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The ongoing climate crisis has resulted in loss of biodiversity, worldwide pollution and overall environmental degradation. We have reached a point where it seems almost unnecessary to educate the younger generation on climate change. Our ocean is doing this for us.
Over the past few decades, evidence of the destruction of our planet has been brought to public attention, resulting in increased global awareness and rapid development of climate action. The promotion of altruism has become an important task within environmentalism, considered an important element and part of the solution to a fundamental problem.
Often described as an important element of the common good as well as a major driver of charitable activities, altruism is considered a necessary, if somewhat utopian, part of society. However, research suggests that there are three main assumptions which explain people’s motivations for engaging in pro-environmental behaviours: the notion of ego – that such behaviors are undertaken to benefit themselves; the notion of altruism – to benefit others; and the notion of a moral principle – belief in the act itself, but not for itself or anyone else.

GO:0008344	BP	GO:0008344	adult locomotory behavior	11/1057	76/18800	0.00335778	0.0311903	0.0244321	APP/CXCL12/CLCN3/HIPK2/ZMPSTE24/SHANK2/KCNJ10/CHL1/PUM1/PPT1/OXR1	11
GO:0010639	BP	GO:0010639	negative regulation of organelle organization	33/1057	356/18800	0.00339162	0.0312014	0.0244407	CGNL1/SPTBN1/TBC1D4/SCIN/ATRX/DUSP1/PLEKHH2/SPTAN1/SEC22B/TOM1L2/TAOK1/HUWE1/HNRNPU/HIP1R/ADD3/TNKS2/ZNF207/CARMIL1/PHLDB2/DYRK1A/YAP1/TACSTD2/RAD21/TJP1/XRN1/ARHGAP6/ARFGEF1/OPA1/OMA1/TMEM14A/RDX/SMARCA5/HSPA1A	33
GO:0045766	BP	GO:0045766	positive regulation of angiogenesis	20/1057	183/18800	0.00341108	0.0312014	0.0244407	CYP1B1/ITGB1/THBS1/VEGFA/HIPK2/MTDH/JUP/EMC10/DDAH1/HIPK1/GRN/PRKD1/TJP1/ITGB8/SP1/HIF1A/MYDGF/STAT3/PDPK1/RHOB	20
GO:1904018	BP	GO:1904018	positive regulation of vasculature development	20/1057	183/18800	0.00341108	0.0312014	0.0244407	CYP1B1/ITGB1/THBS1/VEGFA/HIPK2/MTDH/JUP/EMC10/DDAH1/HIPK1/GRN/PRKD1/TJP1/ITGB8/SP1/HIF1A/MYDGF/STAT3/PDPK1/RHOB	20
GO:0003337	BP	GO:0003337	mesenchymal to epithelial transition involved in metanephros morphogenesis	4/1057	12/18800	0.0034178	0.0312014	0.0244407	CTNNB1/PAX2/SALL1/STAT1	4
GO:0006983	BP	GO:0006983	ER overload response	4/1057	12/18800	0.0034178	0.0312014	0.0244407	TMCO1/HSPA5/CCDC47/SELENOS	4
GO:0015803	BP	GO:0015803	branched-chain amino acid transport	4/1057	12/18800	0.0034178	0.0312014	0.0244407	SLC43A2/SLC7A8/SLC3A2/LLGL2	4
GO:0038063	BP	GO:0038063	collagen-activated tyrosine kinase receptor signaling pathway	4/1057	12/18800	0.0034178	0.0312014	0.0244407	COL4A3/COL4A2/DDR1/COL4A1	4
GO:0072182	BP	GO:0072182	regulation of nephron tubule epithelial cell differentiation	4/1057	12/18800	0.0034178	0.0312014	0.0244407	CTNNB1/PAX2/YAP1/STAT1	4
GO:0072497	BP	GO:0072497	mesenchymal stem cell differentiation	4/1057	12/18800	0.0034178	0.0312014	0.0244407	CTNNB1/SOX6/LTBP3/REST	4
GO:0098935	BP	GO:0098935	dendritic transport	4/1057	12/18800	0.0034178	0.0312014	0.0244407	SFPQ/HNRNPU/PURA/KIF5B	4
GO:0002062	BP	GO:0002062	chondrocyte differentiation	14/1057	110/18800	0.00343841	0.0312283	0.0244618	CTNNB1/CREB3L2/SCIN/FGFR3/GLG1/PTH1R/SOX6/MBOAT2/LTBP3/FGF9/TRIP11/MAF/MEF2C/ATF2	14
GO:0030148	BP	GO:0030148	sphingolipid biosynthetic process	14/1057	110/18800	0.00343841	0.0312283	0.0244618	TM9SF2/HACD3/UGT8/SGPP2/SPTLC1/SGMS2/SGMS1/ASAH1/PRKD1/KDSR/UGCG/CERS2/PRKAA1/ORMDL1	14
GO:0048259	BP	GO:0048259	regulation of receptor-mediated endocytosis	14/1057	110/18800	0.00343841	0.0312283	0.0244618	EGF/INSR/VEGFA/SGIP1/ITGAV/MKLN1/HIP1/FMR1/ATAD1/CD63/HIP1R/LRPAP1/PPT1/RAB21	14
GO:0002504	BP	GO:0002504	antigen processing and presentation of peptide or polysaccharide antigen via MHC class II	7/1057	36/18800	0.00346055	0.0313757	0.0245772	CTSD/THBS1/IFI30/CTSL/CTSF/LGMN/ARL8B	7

Of all three of the above beliefs, ego, or the notion of self-benefit, ranks among the top motivations for pro-environmental decisions. This means that while altruism is indeed a factor in ‘altruistic behaviour’, it is by no means the only factor to consider.
Bridging the gap between financial incentives and protection
While our future is inextricably linked with the well-being of our planet, even the most idealistic among us would have to agree that we cannot rely solely on human altruism to effect the biggest positive change. Can do This does not mean that public support is not necessary, but that altruism is only one factor within the conservation movement which includes other incentives and motivations.